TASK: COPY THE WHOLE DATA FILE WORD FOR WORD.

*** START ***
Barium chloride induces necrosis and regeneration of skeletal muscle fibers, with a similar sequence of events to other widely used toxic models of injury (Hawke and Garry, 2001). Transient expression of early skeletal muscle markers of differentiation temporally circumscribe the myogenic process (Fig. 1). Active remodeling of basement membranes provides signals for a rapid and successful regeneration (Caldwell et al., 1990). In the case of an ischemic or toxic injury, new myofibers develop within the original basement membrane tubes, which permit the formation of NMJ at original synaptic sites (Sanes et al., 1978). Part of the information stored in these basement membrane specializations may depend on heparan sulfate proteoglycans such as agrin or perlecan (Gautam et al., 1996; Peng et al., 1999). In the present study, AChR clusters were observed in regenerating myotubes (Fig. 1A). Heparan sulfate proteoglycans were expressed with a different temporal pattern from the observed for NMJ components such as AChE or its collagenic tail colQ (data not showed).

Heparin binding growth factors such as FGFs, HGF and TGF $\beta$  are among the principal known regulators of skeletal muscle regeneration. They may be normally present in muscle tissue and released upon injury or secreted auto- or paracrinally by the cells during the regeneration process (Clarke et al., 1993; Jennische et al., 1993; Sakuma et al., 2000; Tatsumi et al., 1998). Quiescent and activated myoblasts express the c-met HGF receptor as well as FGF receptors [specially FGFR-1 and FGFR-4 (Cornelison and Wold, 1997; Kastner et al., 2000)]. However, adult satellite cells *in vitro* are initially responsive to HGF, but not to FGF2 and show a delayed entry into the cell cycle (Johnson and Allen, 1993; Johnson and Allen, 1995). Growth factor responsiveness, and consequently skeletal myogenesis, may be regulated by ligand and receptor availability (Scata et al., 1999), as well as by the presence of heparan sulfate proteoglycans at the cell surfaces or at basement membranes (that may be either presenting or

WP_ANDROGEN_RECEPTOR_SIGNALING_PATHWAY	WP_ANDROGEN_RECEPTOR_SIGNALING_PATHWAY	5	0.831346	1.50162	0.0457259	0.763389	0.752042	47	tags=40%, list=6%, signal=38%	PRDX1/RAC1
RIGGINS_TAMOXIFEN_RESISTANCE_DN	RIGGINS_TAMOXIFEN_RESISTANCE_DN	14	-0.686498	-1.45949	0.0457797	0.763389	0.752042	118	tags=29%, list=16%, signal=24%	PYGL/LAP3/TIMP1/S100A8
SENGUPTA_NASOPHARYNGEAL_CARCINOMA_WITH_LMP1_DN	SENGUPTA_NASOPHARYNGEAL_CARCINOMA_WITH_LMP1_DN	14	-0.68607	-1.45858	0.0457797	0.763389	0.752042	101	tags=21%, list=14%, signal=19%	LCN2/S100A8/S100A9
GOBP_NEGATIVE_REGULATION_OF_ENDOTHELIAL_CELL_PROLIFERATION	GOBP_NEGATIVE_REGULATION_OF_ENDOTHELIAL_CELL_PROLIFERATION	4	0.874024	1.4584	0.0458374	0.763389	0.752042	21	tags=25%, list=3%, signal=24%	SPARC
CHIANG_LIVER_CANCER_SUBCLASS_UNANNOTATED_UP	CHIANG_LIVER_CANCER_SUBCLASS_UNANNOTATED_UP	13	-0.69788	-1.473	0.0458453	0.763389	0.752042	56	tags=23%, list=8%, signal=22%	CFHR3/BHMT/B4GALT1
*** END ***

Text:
Barium chloride induces necrosis and regeneration of skeletal muscle fibers, with a similar sequence of events to other widely used toxic models of injury (Hawke and Garry, 2001). Transient expression of early skeletal muscle markers of differentiation temporally circumscribe the myogenic process (Fig. 1). Active remodeling of basement membranes provides signals for a rapid and successful regeneration (Caldwell et al., 1990). In the case of an ischemic or toxic injury, new myofibers develop within the original basement membrane tubes, which permit the formation of NMJ at original synaptic sites (Sanes et al., 1978). Part of the information stored in these basement membrane specializations may depend on heparan sulfate proteoglycans such as agrin or perlecan (Gautam et al., 1996; Peng et al., 1999). In the present study, AChR clusters were observed in regenerating myotubes (Fig. 1A). Heparan sulfate proteoglycans were expressed with a different temporal pattern from the observed for NMJ components such as AChE or its collagenic tail colQ (data not showed).

Heparin binding growth factors such as FGFs, HGF and TGF $\beta$  are among the principal known regulators of skeletal muscle regeneration. They may be normally present in muscle tissue and released upon injury or secreted auto- or paracrinally by the cells during the regeneration process (Clarke et al., 1993; Jennische et al., 1993; Sakuma et al., 2000; Tatsumi et al., 1998). Quiescent and activated myoblasts express the c-met HGF receptor as well as FGF receptors [specially FGFR-1 and FGFR-4 (Cornelison and Wold, 1997; Kastner et al., 2000)]. However, adult satellite cells *in vitro* are initially responsive to HGF, but not to FGF2 and show a delayed entry into the cell cycle (Johnson and Allen, 1993; Johnson and Allen, 1995). Growth factor responsiveness, and consequently skeletal myogenesis, may be regulated by ligand and receptor availability (Scata et al., 1999), as well as by the presence of heparan sulfate proteoglycans at the cell surfaces or at basement membranes (that may be either presenting or

WP_ANDROGEN_RECEPTOR_SIGNALING_PATHWAY	WP_ANDROGEN_RECEPTOR_SIGNALING_PATHWAY	5	0.831346	1.50162	0.0457259	0.763389	0.752042	47	tags=40%, list=6%, signal=38%	PRDX1/RAC1
RIGGINS_TAMOXIFEN_RESISTANCE_DN	RIGGINS_TAMOXIFEN_RESISTANCE_DN	14	-0.686498	-1.45949	0.0457797	0.763389	0.752042	118	tags=29%, list=16%, signal=24%	PYGL/LAP3/TIMP1/S100A8
SENGUPTA_NASOPHARYNGEAL_CARCINOMA_WITH_LMP1_DN	SENGUPTA_NASOPHARYNGEAL_CARCINOMA_WITH_LMP1_DN	14	-0.68607	-1.45858	0.0457797	0.763389	0.752042	101	tags=21%, list=14%, signal=19%	LCN2/S100A8/S100A9
GOBP_NEGATIVE_REGULATION_OF_ENDOTHELIAL_CELL_PROLIFERATION	GOBP_NEGATIVE_REGULATION_OF_ENDOTHELIAL_CELL_PROLIFERATION	4	0.874024	1.4584	0.0458374	0.763389	0.752042	21	tags=25%, list=3%, signal=24%	SPARC
CHIANG_LIVER_CANCER_SUBCLASS_UNANNOTATED_UP	CHIANG_LIVER_CANCER_SUBCLASS_UNANNOTATED_UP	13	-0.69788	-1.473	0.0458453	0.763389	0.752042	56	tags=23%, list=8%, signal=22%	CFHR3/BHMT/B4GALT1